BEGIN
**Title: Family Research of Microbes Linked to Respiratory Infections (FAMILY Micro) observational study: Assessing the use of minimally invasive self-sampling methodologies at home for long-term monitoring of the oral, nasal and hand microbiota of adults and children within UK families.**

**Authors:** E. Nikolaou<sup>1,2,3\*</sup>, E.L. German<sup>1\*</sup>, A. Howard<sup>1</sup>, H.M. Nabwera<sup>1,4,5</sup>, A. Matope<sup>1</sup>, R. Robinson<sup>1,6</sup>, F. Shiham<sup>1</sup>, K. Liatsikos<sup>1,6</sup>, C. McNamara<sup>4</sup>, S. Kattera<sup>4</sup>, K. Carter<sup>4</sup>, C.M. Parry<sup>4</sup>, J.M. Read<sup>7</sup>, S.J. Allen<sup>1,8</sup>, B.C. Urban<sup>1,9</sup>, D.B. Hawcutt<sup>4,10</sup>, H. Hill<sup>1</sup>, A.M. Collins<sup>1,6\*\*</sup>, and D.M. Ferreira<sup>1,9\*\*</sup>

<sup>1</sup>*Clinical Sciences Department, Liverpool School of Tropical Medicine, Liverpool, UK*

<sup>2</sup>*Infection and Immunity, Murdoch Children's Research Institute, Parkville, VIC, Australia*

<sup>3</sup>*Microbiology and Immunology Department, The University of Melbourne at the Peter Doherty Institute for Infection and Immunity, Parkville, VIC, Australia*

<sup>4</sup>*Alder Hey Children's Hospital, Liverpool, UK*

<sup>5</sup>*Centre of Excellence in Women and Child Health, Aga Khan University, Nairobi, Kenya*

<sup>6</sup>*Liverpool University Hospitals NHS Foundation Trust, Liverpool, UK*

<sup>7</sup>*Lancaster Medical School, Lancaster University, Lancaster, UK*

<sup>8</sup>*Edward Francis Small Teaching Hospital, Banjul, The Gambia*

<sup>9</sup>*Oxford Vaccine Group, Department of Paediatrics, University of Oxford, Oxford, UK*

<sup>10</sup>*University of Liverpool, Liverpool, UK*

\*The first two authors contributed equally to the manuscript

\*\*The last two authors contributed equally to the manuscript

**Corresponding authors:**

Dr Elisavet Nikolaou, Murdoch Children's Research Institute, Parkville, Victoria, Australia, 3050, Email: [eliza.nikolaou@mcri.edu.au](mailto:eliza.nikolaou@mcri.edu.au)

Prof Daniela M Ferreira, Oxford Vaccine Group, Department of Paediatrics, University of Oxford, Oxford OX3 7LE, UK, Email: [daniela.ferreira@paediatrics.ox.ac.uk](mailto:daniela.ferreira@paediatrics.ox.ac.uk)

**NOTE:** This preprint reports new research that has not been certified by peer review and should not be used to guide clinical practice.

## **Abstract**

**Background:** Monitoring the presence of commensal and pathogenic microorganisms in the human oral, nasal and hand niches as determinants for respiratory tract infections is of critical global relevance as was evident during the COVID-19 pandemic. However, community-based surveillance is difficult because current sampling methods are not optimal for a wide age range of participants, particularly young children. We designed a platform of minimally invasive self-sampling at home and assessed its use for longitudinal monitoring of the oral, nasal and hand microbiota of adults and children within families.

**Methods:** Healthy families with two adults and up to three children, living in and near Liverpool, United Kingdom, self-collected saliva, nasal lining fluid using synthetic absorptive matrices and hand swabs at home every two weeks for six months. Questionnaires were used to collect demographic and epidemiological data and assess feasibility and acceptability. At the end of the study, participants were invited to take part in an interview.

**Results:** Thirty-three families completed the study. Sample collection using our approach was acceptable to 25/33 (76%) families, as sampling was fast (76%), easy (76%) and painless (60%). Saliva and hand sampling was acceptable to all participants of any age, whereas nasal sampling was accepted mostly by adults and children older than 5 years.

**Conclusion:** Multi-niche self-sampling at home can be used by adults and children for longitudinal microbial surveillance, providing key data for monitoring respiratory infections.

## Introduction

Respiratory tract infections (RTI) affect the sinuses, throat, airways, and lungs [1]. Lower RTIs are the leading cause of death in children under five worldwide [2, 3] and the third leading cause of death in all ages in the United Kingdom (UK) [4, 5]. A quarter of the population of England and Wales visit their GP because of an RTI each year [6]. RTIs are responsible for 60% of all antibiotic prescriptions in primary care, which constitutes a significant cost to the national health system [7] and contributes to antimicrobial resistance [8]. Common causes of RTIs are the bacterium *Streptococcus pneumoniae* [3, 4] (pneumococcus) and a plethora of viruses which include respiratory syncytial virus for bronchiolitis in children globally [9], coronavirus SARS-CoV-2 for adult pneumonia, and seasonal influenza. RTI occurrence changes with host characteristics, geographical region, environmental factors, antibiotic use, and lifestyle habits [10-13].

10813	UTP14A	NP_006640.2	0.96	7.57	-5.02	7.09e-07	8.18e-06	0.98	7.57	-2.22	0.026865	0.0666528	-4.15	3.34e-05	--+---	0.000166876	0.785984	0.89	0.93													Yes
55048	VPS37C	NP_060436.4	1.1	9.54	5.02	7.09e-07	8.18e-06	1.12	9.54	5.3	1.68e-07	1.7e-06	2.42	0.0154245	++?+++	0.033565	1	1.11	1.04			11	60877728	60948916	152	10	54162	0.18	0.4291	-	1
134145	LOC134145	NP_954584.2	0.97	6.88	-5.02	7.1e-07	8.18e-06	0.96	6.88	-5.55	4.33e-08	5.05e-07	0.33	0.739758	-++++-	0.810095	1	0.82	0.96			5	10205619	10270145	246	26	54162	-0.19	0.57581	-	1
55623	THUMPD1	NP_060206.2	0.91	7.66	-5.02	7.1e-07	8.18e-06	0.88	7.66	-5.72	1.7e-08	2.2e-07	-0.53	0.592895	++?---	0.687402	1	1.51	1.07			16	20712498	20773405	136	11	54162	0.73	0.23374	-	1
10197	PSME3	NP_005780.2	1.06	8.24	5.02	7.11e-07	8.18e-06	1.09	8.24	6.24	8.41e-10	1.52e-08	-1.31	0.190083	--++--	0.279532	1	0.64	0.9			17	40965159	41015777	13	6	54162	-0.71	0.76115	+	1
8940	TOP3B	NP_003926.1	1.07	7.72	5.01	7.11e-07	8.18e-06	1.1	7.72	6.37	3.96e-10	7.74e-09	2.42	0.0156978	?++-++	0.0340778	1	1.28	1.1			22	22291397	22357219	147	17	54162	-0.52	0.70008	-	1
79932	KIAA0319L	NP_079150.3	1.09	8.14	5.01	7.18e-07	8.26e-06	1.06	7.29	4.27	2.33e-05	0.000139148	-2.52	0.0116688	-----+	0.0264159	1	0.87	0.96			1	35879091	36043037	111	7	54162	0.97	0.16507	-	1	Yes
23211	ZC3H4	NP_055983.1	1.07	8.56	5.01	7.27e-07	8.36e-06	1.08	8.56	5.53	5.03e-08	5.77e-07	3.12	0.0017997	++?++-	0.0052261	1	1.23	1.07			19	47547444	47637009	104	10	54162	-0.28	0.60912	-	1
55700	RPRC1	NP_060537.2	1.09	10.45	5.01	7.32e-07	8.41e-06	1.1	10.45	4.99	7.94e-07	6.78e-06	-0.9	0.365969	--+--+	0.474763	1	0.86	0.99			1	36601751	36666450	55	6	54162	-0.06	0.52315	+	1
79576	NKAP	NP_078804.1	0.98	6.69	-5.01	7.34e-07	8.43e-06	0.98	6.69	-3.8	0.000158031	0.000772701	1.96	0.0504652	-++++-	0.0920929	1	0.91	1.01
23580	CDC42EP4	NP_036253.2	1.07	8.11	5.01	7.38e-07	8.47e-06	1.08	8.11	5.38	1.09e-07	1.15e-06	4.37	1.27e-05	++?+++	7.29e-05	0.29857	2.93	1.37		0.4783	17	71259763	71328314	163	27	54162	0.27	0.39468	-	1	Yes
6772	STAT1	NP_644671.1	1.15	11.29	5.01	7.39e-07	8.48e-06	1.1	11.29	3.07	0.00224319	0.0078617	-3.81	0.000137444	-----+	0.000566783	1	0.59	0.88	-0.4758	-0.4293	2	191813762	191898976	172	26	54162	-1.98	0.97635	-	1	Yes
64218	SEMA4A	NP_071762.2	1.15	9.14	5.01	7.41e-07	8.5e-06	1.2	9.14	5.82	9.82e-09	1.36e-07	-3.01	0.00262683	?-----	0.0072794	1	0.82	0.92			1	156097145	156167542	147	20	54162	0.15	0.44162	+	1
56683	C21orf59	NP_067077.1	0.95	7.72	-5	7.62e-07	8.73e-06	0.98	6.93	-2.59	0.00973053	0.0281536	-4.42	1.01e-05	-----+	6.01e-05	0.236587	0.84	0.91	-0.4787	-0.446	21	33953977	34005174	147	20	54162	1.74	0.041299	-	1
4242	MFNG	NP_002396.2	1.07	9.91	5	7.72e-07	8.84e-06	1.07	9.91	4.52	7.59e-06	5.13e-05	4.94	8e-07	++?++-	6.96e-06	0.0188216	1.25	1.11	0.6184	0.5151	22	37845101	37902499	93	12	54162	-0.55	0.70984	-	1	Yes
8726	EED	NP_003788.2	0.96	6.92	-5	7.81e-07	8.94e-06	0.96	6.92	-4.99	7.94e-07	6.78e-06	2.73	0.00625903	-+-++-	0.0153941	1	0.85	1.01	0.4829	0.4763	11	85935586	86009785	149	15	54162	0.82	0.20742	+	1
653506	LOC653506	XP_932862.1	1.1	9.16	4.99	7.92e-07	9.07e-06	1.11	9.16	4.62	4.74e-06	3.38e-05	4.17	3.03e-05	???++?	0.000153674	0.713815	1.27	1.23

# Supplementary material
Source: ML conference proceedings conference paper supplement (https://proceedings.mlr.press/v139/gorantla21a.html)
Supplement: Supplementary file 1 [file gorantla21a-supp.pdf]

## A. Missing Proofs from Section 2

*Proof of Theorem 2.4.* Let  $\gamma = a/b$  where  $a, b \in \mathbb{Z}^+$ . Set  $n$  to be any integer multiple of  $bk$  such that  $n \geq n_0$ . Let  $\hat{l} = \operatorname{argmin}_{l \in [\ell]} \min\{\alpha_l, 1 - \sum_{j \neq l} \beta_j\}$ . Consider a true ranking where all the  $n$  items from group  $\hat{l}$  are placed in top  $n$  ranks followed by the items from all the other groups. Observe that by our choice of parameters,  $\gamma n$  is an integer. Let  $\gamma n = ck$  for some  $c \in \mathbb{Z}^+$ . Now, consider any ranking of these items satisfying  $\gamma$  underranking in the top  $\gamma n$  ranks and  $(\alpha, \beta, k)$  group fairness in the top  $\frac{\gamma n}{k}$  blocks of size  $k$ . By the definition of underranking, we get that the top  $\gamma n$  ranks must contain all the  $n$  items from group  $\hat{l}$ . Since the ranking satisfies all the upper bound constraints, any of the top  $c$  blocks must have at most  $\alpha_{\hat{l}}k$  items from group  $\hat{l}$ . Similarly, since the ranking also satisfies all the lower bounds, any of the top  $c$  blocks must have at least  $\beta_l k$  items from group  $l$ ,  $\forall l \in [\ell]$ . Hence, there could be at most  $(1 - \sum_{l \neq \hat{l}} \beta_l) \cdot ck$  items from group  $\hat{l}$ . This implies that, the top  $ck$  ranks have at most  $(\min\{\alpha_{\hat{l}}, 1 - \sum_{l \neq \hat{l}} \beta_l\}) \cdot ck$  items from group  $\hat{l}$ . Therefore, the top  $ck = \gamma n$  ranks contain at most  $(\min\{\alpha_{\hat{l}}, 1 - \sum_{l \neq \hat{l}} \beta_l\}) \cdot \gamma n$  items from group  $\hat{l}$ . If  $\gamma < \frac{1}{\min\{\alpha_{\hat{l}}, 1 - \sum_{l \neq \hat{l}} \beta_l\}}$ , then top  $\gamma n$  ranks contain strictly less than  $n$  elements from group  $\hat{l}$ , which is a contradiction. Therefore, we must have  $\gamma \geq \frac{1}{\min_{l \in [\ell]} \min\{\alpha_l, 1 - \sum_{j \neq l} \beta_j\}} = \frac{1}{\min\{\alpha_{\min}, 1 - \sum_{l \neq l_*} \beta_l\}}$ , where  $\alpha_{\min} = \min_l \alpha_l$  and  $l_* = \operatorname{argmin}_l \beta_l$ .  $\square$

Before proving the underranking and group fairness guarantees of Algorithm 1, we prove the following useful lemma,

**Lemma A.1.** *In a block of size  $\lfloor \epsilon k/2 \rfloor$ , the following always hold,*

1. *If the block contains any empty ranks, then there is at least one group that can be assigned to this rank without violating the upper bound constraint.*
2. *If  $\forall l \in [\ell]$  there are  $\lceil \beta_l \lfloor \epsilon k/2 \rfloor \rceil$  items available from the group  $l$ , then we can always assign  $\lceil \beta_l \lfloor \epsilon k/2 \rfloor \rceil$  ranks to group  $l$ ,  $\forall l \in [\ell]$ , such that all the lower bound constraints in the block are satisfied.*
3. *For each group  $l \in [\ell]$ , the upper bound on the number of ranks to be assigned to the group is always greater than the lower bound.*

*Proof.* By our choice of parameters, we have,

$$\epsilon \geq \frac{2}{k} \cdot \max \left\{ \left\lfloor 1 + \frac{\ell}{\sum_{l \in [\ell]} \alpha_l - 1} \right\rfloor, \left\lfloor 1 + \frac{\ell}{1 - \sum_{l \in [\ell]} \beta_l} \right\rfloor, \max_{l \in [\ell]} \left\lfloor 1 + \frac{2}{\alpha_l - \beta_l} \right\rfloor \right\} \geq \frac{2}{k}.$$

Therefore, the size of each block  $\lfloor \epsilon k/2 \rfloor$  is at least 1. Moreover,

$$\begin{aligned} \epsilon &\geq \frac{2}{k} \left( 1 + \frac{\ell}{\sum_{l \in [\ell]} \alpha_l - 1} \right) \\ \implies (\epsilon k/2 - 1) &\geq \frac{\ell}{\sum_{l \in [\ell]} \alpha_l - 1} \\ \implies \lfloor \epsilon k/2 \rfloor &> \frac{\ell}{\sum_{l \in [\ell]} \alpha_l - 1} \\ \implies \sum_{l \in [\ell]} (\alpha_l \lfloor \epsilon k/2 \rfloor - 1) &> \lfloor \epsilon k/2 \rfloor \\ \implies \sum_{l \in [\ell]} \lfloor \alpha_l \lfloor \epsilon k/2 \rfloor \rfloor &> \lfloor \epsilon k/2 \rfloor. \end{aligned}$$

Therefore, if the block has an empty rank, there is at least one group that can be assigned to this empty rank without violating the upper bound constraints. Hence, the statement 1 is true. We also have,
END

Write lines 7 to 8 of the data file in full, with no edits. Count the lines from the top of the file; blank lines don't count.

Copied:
<sup>5</sup>*Centre of Excellence in Women and Child Health, Aga Khan University, Nairobi, Kenya*

<sup>6</sup>*Liverpool University Hospitals NHS Foundation Trust, Liverpool, UK*